Friday, 29 March 2013

Tricks of the Pickpocket Trade

Writing is a uncertain way of making a living. Most people need backup skills and an alternative method for generating an income. Here's something that might appeal to you... picking pockets. Your teacher tonight will be Apollo Robbins.

Robbins, who is thirty-eight and lives in Las Vegas, is a peculiar variety-arts hybrid, known in the trade as a theatrical pickpocket. Among his peers, he is widely considered the best in the world at what he does, which is taking things from people’s jackets, pants, purses, wrists, fingers, and necks, then returning them in amusing and mind-boggling ways.

In more than a decade as a full-time entertainer, Robbins has taken (and returned) a lot of stuff. He is probably best known for an encounter with Jimmy Carter’s Secret Service detail in 2001. While Carter was at dinner, Robbins struck up a conversation with several of his Secret Service men. Within a few minutes, he had emptied the agents’ pockets of pretty much everything but their guns.


In magic circles, Robbins is regarded as a kind of legend. Recently, psychiatrists, neuroscientists, and the military have studied his methods for what they reveal about the nature of human attention.

Here's a short video in which he shows some of the how of his trade.


IMDb    Website    Wikipedia ________________________________________________________________________

In 1953, Sam Fuller made a film called Pickup on South Street. (The film was remade in South Africa in 1967 as The Cape Town Affair.) At the time, "pickup" was New York slang for picking a pocket. Sam Fuller knew a few professional pickpockets; he also knew Dan Campion, the Chief Detective of the Pickpocket Squad of the City of New York, who became an advisor on the film.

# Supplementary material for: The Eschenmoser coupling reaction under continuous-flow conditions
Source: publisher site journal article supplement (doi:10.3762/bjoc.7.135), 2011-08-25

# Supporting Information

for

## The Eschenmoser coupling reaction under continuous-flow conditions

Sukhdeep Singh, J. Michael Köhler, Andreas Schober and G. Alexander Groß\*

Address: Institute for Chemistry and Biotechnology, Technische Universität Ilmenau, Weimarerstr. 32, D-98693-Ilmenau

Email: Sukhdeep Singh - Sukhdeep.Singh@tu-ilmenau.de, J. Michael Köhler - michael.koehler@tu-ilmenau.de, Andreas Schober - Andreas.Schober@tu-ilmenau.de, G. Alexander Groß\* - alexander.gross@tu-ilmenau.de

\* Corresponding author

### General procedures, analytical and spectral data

Apollo Robbins poses for a photo while picking a pocket from under the cover of a newspaper.
The paper is held well out of the way here for the benefit of the intended audience.
In Pickup on South Street,  Richard Widmark steals a purse from a lady's handbag
under the cover of a newspaper.
In The Cape Town Affair,  James Brolin steals a purse from a lady's handbag
under the cover of a newspaper.
I grew up on a housing estate where a disproportionate number of people were burdened with larcenous inclinations. One of my brothers was in and out of prison from the age of 15. The first time he went in, he was an angry country boy who scored high on initiative and low on knowledge. When he came out, he was a walking encyclopaedia of criminal ways and means. I spent a lot of time as a teenager listening to stories about criminal techniques. Although I eventually chose the straight path in life, I never entirely lost my interest in the alternatives.

If you'd like to know more about Mr Robbins and his unusual skills, here's a (long) article in The New Yorker you might like to read.

1 comment:

Kathy Smart said...

This video shows there will always be masters who can direct your attention exactly as they wish. Film makers, of course, need to study how to direct the audience's attention.